The federal government has opened the doors of public housing to unmarried couples living together and to homosexual couples.
All they have to do, if they meet public housing income limitations, is show a "stable family relationship."
The new policy is subject to approval of local housing authorities.
The action was taken by the Department of Housing and Urban Development under a new package of public housing regulations, which quietly became effective May 9.
Priscilla Banks, the HUD housing program specialist who wrote the new rules expanding the government's definition of the family, expressed surprised that there was so little public outcry when the regulations were first published and the government sought comment.
Public housing aid has traditionally gone to low-income, married and heterosexual couples with families, to single-parent families or to those with a common-law relationship that met state tests.
The expanded concept of the family is "very brand new" and liberalizes the country's housing policy, according to Banks, who said she wrote the rule to eliminate discrimination against unmarried persons who live together.
Banks said the new rule of eligibility will cover men and women who don't get married, or homosexual men and women, as long as they have pooled their resources and have lived together for a long time. "Why exclude those persons?" she said.
Approximately 13 million adult men and women lived together as unmarried heterosexual couples in 1976, according to the Census Bureau. The number doubled from 1970, when 654,000 unmarried men and women shared households.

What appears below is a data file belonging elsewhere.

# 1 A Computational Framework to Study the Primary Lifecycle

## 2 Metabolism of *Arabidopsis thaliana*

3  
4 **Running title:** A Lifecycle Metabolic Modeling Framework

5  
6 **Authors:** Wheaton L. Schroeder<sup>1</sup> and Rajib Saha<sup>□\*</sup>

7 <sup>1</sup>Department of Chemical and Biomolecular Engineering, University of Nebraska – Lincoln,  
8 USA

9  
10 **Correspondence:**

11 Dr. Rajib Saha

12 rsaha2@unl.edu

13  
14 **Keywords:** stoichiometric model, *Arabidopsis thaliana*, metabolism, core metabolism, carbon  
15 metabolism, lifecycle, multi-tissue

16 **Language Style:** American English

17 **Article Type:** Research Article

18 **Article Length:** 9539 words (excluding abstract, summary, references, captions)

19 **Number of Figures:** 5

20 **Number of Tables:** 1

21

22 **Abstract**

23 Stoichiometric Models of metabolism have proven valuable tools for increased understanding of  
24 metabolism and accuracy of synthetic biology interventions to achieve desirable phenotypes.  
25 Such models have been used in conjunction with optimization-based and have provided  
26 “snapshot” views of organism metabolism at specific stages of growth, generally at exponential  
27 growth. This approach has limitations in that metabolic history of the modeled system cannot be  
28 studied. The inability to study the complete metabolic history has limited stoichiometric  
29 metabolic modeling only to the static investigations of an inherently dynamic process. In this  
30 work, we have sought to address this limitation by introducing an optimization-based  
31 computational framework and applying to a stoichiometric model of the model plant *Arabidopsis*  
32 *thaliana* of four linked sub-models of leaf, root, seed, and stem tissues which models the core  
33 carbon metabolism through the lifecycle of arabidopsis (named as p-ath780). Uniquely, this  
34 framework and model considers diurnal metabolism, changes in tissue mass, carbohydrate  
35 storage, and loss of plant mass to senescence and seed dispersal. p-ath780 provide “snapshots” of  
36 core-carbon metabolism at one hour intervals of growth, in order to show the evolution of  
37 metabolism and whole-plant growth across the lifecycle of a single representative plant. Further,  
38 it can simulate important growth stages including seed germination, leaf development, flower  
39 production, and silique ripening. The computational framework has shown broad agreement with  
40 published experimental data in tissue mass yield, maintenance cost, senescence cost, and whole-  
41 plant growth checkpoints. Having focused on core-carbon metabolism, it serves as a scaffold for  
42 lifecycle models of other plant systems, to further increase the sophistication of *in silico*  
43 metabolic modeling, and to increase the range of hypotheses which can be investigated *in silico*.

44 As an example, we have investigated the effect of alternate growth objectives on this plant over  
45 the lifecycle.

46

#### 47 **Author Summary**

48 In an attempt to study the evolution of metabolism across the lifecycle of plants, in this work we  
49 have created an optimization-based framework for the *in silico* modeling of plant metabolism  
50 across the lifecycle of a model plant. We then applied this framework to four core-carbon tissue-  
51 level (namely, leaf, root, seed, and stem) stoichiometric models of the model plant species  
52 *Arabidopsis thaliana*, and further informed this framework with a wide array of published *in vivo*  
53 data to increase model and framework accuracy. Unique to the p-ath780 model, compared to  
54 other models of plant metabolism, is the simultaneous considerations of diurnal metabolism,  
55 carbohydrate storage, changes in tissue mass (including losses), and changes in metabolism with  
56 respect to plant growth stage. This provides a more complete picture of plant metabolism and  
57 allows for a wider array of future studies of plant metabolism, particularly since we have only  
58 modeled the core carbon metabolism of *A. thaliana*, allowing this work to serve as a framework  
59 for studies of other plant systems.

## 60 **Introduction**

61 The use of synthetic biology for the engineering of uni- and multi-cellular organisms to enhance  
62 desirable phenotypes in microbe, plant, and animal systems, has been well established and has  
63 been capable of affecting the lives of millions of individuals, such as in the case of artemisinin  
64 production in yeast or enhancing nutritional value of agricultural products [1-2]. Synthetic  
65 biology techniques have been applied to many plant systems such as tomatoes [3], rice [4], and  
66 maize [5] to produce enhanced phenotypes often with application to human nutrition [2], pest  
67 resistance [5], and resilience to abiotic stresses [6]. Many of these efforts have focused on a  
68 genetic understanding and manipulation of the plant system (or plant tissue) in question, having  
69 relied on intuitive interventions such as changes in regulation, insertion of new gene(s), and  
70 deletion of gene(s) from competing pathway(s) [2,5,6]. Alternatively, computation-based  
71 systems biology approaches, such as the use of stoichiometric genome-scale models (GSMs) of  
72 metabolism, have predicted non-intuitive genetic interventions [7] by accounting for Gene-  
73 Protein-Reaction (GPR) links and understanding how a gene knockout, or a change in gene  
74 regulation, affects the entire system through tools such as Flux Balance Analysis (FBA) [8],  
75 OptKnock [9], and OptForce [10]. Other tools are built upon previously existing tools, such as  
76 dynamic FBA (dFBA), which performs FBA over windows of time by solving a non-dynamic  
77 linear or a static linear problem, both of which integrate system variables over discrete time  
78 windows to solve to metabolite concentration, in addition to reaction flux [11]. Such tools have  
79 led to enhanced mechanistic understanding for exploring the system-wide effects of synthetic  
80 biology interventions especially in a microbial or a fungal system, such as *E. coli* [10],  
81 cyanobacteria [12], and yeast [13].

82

Banks said she had to fight for the new rule within the department, and she was surprised that it took effect with little public reaction.
"I kind of held my breath, and I didn't really expect it would go through. I don't know whether it stuck through or what," she said.
She said the rule was needed because people were complaining that they'd been denied assistance because they didn't fit the departments concept of family as group tied by marriage, blood or common law.
"These people were being discriminated against, for no reason," she said.
Under the new regulation, a family consits of "two or more persons, sharing residency whose income and resources are available to meet the family's needs and who are neither related by blood, marriage, or operation of law, or have evidenced a stable family relationship."
One of the 2,800 local public housing authorities or the private housing owner who rents to a subsidized family under "Section 8" of the federal housing program will determine in each case what is a "stable family relationship."
Banks said, "we're hoping that the PHAS (public housing authorities") out there are liberal enough to interpret it generously." An applicant who is denied eligibility may appeal the local decision to the department, she said.
The department got very little response to its new concept of the family, which covers family units among 1.5 million public housing apartments and 333,000 private housing units for which the federal government may pay rental subsidies in fiscal 1977.
Out of 49 letters commenting on the Dec. 16 recommendations, only six mentioned the new definition of the family.
Two correspondents thought the family definition was unclear, two approved of it, and the final two disliked it.
Joseph F. Laden, executive director of the Albany Housing Authority, thought HUD should specifically exclude from its definition of the family two adults of the same sex.
Robert I. Shirer, of Shirer and Associates, Inc., which manages housing projects in St. Petersburg, Fla., explained his displeasure on March 18, two months after the official comment period ended.
He said the ambiguity and permissiveness of the definition would cause legal disputes, undermine the stability of the community and make it difficult to collect proper rents, because family income and membership would change frequently.
"Does a month or six months constitute a stable relationship? Does the word of the resident suffice?" Shirer wrote.